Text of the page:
III. Verse 7 – Joshua honors the covenant and rises to protect to the Gibeonites. Even though they had entered into this relation by deceit because of fear, Joshua did not take lightly their status among the people of God, and that as their servants they were entitled to their protection. Rahab and her family were spared the destruction of Jericho and were brought into Israel, not only to preserve their lives, but to be fertile in producing the messianic line of descent. Now the Gibeonites, an entire city, are absorbed into Israel and become an integral part of the future development of the nation.

A. Jesus, the antitype of Joshua, has given himself to the battle for the salvation of the people given him by the Father (John 17:2, 11, 19).

B. Like the covenant with the Gibeonites, God’s covenant of redemption is made with enemies, those who should be devoted to destruction (Romans 5:6-10). Unlike the covenant with the Gibeonites, the covenant of salvation was not made reluctantly or as a result of deceit, but in invincible love as a matter of eternal sovereign will (Ephesians 1:3-6; Titus 1:1-3; Hebrews 13:20, 21).

C. We find later among the mighty men of David, a leader among the thirty, Ismaiah (1 Chronicles 12:4); Gibeonites helped rebuild Jerusalem after the return from Babylonian exile (Nehemiah 3:7; 7:25); Saul’s treachery against the Gibeonites resulted in a judgment on Israel (2 Samuel 21:1-14). This act against the Gibeonites is not recorded but certainly is consistent with the peremptory ruthlessness of Saul

IV. Verses 8-11 – The Lord encouraged Joshua with assurance of victory.

A. The decision of Joshua was based on two congruent truths. Either of these would have been sufficient to see this as the right action on his part. Both together compelled him to action.

  1. One, he recognized, though he had sworn “to his own hurt,” he would not change or take lightly this arrangement with the Gibeonites but must honor the word he had taken before God.
  2. Two, the cities that had come against Gibeon were to be taken out eventually and this offered an occasion to deal with the armies of five cites at once. This would mean one engagement on the field of battle instead of five. A victory would give him control of the central part of Canaan and establish an advantageous position for conquering the southern part of the land.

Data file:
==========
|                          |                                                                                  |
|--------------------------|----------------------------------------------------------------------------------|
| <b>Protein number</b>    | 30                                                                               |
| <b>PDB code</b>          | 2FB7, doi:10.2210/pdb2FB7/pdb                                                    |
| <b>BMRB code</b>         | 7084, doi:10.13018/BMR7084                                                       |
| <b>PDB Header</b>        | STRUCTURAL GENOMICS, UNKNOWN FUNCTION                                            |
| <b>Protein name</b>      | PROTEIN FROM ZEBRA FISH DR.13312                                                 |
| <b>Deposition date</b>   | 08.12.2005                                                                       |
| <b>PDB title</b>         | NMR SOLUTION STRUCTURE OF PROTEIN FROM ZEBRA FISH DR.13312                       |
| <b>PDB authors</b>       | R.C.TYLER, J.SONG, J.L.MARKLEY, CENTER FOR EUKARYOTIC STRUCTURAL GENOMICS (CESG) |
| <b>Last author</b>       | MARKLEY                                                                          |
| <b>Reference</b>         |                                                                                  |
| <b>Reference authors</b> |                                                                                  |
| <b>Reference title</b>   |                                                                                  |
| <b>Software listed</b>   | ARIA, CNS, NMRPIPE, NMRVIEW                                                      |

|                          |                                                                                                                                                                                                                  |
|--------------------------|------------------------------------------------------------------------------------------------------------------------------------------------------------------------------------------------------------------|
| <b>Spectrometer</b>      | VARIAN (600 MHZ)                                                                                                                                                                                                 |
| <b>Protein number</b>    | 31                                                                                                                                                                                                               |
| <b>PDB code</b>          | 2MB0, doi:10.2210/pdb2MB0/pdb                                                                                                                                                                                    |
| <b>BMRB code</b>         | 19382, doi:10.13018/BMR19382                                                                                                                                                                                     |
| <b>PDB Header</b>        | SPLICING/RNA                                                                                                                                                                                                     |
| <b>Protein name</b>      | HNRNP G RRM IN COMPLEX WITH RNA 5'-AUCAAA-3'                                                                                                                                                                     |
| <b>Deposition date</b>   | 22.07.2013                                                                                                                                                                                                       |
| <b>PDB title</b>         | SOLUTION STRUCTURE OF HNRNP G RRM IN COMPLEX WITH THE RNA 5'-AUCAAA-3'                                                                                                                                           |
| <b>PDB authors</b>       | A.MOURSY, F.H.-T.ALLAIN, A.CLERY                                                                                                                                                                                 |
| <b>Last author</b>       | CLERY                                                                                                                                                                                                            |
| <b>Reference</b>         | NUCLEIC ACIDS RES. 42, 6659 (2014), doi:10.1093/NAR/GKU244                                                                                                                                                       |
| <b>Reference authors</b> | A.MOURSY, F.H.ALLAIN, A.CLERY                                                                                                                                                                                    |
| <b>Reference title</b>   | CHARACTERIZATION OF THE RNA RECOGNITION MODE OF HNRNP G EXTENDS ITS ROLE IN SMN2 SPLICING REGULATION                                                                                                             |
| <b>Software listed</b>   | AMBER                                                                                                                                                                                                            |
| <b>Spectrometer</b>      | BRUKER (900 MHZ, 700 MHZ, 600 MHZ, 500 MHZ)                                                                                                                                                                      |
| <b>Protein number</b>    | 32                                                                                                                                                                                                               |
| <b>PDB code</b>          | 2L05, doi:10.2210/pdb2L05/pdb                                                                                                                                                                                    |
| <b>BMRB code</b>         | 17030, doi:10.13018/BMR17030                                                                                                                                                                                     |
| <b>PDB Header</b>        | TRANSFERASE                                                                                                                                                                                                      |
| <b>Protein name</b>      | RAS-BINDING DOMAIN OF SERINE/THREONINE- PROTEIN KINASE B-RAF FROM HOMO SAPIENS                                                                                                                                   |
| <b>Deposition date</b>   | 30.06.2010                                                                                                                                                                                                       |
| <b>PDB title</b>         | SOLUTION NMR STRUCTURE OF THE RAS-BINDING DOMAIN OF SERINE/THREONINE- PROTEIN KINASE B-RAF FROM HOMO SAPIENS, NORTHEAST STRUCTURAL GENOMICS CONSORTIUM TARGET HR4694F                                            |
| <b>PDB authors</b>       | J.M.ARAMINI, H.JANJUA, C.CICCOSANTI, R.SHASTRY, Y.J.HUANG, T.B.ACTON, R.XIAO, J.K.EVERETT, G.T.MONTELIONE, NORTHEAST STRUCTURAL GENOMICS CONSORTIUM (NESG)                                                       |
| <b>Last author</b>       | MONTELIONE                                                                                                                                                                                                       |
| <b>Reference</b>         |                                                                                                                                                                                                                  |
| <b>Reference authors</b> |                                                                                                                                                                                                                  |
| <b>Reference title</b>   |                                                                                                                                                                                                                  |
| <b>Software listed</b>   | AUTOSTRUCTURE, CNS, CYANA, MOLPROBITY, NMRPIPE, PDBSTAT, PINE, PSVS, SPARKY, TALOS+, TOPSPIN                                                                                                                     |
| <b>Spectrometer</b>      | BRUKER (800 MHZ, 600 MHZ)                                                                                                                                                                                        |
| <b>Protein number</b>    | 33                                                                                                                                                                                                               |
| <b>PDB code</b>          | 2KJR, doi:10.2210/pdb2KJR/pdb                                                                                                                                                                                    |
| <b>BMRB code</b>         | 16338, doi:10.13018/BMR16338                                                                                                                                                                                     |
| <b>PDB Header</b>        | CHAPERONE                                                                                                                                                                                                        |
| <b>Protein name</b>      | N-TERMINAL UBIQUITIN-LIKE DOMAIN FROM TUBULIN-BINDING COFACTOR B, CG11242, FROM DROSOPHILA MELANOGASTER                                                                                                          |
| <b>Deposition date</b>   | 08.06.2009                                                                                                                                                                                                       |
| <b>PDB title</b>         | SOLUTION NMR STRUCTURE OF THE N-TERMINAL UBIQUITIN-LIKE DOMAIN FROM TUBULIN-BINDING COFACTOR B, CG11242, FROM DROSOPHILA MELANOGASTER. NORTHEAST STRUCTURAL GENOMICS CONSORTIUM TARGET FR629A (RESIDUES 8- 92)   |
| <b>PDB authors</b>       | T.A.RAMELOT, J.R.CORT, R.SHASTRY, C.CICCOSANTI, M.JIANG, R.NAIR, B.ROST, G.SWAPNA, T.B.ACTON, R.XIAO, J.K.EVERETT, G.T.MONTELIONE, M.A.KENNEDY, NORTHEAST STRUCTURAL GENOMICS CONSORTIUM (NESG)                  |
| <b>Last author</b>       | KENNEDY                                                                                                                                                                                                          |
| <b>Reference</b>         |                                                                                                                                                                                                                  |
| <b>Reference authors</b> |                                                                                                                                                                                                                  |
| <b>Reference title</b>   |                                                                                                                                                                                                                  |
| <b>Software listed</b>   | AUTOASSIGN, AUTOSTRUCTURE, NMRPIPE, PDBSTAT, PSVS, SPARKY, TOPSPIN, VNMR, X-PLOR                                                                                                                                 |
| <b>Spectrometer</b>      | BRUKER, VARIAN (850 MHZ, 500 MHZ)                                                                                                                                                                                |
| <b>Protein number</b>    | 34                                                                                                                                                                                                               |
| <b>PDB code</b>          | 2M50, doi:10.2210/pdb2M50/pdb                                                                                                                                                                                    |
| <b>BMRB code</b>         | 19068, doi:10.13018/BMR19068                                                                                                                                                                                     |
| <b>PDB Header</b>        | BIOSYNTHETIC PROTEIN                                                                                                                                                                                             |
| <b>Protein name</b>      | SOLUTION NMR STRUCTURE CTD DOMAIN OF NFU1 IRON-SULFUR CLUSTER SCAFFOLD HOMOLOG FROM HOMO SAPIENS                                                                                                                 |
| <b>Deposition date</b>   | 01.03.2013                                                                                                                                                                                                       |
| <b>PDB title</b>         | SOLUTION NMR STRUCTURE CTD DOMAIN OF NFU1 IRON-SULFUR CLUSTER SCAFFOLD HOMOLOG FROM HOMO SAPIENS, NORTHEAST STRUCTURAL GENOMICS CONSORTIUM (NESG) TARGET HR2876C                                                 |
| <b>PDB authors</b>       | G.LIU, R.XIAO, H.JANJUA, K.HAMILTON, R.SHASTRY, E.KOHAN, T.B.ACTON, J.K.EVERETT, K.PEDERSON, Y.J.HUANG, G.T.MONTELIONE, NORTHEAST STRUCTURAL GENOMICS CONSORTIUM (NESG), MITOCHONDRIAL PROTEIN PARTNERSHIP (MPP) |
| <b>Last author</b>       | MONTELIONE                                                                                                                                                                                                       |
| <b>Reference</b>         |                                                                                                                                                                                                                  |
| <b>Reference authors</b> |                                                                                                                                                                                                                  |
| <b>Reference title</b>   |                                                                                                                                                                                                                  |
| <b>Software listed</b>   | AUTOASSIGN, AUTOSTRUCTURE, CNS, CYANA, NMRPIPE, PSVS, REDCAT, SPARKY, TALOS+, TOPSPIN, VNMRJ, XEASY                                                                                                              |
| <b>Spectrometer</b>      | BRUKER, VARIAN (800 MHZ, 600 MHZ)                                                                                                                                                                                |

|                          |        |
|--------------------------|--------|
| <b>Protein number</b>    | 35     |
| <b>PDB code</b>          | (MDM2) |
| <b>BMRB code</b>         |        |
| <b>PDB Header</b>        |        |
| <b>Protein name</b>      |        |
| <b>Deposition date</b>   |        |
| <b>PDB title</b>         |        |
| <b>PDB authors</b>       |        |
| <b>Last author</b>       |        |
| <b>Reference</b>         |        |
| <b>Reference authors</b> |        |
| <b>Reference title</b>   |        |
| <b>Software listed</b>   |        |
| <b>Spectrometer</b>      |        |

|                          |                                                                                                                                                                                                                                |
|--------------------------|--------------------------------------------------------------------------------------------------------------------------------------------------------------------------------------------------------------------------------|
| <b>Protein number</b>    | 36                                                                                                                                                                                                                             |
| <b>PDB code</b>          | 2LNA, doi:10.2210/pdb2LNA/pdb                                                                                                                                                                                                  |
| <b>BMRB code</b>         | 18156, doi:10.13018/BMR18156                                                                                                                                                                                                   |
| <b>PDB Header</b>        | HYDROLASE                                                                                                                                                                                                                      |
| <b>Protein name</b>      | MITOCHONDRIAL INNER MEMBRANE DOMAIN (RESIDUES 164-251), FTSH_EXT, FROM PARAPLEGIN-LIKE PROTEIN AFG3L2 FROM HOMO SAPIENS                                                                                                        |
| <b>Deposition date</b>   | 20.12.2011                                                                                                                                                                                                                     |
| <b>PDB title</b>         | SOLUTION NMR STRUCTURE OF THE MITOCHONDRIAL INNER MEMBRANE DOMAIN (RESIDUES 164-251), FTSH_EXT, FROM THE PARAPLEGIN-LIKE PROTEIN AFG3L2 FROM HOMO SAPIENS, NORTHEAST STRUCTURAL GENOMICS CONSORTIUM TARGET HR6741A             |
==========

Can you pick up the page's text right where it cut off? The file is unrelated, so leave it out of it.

B. Joshua’s strategy was to move rapidly and come on the foe hours before they could have anticipated his arrival. He ordered an all night march from Gilgal to Gibeon. Their march began just east of the Jordan and they had to move on rising terrain for about fifteen miles. As a result, Joshua “came upon them suddenly.”

C. God’s intervention came in two ways; one was internal and the other external.

  1. God created a panic in the hearts of the men of the five armies encamped against Gibeon. Nothing is more debilitating than fear. Whether it is the prolonged fear of social interaction that presses personalities inward and makes painful any attempts at conversation or organized participation with other people, or the intimidation that arises when we know that systemic opposition from enemies works relentlessly to destroy us, or that sudden burst of panic in which we sense that destruction is at the doorstep—all of these have the power of making us shrink from the contest. God put such panic into the foe that they believed their only option was to flee for their lives. As they fled, this made them an easy target for the pursuing army of Joshua.
  2. God also intervened in an observable way in creating a great hail storm containing stones as large as rocks. The biblical narrative describes it graphically, “The Lord threw down large stones from heaven on them.” The hail killed more of the enemy than did the swords of the Israelites. Though not the same event, David gives poetic reportage of God’s employing the physical elements in the defense of his people: “The Lord also thundered in the heavens, and the Most High uttered his voice, hailstones and coals of fire.” This kind of phenomenon is not uncommon in Scripture and it should not surprise us or prompt us to seek some rationalistic explanation or dismiss it as superstitious naivety on the part of the biblical historians. The flood, Sodom and Gomorrah, the parting of the Red Sea, the parting of Jordan, the creation of more bread and fish from five loaves and two fish, and the resurrection from the dead establishes the God of the Bible as the Creator and Sustainer of the heavens and the earth. This God is the God and Father of our Lord Jesus Christ who shares all these attributes of power and wisdom.